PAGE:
As you know, Joe Biden was elected as the President of the United States in 2020. However, did you know that there is a typical four-year cycle that follows elections? The following chart represents the four-year cycle starting from 1900. It shows you the average four-year development of the Dow Jones over a hundred and twenty years. This also allows you to take a close look at developments within a year.
This version of the original article by Dimitri Speck (from seasonax.com) has been edited [ ] and abridged (…) to provide you with a faster and easier read. Also note that this complete paragraph must be included in any re-posting to avoid copyright infringement.
#$$4$ The course of the stock markets is not so much dependent on whether a Republican or Democrat becomes President. The election cycle – also known as the four-year cycle – does not differentiate according to party, but according to the year within the cycle.
Over the past 125 years, the Dow Jones Index has risen by an average of 5.4% in presidential election years. In pre-election years it has performed even better, at 8.5%. However, in post-election years it has averaged 4.7%; and in the subsequent mid-term election years the mean gain has only been 0.8%. 2022 is a mid-term election year.
Reasons for the presidential election cycle
Why are the two years after the election so weak, while the two years before the election are fairly good stock market years? The reasons are obvious: Presidents want to be re-elected, or want a successor from their Party. Before the election, therefore, they try to stimulate the economy and make voters feel positive. This includes measures financed by deficit spending. However, the central bank (which is not completely independent) also seems to support the incumbent President through its monetary policy.
The following chart represents the four-year cycle starting from 1900. It shows you the average four-year development of the Dow Jones over a hundred and twenty years. This also allows you to take a close look at developments within a year.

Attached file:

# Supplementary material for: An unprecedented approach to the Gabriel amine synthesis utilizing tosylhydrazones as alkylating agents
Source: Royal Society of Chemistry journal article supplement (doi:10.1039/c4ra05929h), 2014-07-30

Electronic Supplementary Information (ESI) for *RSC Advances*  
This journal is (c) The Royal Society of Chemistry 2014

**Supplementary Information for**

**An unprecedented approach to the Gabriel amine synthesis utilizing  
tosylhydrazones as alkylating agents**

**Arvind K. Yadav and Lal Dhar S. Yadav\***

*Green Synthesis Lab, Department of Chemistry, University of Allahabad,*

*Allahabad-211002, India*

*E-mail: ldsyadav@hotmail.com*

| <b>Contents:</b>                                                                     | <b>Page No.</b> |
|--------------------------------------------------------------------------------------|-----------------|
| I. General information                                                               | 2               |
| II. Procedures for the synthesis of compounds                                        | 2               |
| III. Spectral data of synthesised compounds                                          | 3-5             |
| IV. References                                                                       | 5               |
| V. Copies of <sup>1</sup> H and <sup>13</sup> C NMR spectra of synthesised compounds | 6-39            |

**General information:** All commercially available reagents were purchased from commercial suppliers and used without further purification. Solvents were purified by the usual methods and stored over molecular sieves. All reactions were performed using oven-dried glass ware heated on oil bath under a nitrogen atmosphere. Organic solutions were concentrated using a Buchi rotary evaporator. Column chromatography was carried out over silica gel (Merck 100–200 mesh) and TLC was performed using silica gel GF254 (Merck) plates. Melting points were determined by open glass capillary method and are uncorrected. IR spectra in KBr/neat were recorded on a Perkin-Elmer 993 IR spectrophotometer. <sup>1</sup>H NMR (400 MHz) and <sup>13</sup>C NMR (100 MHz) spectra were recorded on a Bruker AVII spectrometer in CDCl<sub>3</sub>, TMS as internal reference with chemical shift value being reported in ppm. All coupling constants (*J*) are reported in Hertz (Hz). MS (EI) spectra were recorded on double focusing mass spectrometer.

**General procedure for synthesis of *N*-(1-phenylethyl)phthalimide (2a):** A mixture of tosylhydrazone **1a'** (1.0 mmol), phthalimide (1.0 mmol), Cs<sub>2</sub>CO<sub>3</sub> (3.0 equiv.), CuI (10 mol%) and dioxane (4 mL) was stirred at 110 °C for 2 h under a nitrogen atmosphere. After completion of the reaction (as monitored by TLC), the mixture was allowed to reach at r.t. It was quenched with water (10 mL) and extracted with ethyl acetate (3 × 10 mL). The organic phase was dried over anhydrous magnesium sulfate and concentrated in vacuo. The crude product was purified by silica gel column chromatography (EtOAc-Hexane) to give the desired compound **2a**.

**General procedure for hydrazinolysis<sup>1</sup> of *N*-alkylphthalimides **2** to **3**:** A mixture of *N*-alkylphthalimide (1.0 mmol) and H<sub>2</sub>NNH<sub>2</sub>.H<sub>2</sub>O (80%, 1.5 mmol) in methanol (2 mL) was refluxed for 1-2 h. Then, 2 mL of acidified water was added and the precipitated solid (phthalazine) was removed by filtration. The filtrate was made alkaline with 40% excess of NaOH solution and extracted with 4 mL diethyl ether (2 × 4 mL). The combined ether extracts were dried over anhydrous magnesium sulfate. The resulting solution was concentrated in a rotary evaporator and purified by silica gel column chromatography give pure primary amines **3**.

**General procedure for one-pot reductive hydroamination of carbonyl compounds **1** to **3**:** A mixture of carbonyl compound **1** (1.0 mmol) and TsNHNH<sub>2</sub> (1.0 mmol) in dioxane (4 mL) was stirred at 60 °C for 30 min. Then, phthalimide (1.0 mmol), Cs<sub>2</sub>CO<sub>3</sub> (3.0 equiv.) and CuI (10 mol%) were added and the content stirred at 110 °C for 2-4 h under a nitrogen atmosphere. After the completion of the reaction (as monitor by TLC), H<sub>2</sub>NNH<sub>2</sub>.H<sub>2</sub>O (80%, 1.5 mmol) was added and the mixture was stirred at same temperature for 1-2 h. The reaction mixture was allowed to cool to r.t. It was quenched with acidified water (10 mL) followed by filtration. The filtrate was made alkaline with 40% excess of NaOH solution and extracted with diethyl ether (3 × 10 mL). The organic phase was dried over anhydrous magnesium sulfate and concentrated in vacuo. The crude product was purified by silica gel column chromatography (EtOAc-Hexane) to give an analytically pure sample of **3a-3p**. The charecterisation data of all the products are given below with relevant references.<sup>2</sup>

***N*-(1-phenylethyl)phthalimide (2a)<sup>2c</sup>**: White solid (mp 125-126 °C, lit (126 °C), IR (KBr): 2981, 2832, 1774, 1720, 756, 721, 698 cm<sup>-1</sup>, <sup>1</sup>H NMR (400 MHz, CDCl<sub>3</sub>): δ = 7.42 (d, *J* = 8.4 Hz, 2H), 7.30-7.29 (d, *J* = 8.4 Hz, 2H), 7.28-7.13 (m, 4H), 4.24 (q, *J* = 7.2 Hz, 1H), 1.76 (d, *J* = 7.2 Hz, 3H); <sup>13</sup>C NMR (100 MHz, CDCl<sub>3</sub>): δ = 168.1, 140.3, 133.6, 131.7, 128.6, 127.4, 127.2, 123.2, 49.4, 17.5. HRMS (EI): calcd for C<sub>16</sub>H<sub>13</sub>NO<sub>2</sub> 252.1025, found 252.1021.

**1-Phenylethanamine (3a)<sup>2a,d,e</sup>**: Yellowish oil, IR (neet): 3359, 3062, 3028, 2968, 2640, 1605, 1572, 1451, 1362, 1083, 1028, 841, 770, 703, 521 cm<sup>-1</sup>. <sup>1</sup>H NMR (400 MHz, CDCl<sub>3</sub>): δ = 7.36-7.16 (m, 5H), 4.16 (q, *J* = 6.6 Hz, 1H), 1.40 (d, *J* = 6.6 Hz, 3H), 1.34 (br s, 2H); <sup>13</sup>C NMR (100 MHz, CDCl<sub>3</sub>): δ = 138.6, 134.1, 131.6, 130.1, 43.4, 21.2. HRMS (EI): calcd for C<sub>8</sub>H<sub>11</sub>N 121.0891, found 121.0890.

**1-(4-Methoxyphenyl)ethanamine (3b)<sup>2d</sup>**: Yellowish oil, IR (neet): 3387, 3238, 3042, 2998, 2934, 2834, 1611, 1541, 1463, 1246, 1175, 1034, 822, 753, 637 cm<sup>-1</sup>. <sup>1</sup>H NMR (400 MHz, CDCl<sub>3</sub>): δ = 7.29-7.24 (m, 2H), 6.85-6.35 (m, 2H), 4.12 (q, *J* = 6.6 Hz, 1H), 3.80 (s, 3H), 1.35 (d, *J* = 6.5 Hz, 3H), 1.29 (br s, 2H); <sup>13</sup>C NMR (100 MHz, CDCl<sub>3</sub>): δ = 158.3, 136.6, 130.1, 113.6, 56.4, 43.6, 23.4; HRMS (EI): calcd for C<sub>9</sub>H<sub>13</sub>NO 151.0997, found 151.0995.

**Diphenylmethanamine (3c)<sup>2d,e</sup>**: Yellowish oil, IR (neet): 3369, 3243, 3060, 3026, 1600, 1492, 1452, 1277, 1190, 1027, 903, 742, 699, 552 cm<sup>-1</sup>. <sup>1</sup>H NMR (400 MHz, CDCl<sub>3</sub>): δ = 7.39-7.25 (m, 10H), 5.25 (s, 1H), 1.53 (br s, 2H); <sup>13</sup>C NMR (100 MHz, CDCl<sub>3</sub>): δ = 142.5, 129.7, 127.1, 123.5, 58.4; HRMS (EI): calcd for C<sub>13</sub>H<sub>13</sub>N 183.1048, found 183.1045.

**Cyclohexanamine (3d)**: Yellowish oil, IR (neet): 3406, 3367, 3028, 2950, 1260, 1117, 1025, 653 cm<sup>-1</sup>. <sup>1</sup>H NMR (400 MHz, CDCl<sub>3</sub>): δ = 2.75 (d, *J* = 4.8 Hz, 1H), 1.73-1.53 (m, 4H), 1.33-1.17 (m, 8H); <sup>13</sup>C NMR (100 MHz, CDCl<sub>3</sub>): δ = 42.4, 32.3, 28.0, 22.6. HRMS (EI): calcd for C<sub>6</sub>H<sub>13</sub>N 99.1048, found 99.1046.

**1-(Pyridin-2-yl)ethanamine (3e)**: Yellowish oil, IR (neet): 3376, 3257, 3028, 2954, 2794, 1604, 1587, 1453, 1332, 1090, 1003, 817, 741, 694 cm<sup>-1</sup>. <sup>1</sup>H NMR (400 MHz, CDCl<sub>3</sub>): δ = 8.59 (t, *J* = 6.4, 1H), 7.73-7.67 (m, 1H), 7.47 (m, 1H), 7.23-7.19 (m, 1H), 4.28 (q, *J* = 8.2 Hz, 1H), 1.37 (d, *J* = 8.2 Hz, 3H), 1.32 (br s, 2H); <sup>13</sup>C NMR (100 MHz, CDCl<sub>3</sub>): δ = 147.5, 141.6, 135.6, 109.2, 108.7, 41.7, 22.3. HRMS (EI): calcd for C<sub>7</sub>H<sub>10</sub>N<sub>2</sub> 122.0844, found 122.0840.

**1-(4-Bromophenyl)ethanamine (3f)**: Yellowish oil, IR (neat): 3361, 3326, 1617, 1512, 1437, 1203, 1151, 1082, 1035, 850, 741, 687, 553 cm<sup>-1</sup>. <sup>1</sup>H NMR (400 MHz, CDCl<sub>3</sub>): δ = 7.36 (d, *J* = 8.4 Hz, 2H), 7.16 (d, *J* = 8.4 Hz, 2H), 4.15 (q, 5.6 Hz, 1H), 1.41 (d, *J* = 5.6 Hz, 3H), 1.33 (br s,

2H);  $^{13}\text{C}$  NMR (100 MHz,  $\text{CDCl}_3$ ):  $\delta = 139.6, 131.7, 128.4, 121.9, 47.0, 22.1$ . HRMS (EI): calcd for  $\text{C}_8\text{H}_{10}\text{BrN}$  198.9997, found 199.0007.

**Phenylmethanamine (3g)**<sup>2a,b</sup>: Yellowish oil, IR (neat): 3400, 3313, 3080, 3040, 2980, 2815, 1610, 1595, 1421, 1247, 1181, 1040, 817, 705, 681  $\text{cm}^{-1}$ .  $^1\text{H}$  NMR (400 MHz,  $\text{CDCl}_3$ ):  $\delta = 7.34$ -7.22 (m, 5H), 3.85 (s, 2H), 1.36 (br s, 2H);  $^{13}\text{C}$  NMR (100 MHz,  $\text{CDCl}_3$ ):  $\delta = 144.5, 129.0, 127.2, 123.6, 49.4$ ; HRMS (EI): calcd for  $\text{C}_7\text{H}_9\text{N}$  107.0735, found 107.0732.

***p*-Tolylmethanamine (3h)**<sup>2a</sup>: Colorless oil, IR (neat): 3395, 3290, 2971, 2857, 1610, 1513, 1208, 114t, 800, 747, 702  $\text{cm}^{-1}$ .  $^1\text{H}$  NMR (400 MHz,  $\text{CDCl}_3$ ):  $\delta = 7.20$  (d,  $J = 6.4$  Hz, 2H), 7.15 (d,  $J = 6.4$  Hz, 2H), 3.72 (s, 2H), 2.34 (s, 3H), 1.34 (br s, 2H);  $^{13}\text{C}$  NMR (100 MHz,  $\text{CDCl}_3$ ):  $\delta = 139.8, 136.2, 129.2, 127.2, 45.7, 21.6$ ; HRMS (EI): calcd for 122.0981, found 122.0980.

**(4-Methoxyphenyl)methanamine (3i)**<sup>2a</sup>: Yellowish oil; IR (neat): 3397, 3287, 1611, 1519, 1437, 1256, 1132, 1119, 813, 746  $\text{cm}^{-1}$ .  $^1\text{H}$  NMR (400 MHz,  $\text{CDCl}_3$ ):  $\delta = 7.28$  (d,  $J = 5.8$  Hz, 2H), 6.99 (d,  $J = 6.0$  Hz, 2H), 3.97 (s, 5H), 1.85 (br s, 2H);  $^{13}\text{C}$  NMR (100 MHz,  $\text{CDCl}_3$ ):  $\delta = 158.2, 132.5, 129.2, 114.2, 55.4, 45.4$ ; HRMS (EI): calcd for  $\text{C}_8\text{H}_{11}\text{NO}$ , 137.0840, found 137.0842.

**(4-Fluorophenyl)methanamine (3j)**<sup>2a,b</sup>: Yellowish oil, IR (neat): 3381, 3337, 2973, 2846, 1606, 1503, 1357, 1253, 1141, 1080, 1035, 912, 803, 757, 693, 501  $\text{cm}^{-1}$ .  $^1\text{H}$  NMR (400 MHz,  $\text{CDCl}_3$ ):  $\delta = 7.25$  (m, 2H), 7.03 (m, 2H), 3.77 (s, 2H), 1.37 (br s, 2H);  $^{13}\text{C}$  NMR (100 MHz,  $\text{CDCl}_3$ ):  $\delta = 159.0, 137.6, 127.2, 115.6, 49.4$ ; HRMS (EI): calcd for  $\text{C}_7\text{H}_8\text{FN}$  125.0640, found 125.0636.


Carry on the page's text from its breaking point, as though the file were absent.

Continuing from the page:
The scale on the right of the chart shows the percentage gain. The horizontal bar shows the year within the four-year cycle. The blue line in the “Election” quarter of the chart shows the average trend of all election years; the blue line in the “Post-Elect” quarter is the average of all post-election years; the “Midterm” line is the average of all midterm election years; and the “Pre-Election” line is the average of all pre-election years.
Mean trend of the Dow Jones in the four-year cycle dependent on the U.S. presidential election
Elections influence share prices. Source: Seasonax
On the far left of the chart the “election” year, and on the far right, the “pre-election” year, were good stock market years, as already mentioned. By contrast, the two middle years in the chart, i.e. the post-election year and the mid-term election year, hardly brought any gains for investors.
As we are currently in a mid-term election year, we will now focus our attention on the trend for the mid-term year.
The midterm election year under the microscope
The next chart shows you the average course of only the mid-term election years. In effect, it is the enlargement of the third quarter of the first chart.
Mean course of the Dow Jones in the mid-term election year
From mid-April, prices tend to weaken.
You can clearly see a weakening from mid-April – an early “Sell in May and Go Away”, so to speak. On the other hand, a rise occurs earlier, namely at the end of September, compared to the end of October as in a “normal” year. Overall, the mid-term election year shows a sideways trend.
There are also good opportunities in a mid-term election year!
Individual stocks and sectors deviate from the index trend and offer you good opportunities even in difficult times. This shows you how important it is to consider seasonality at an individual stock level.
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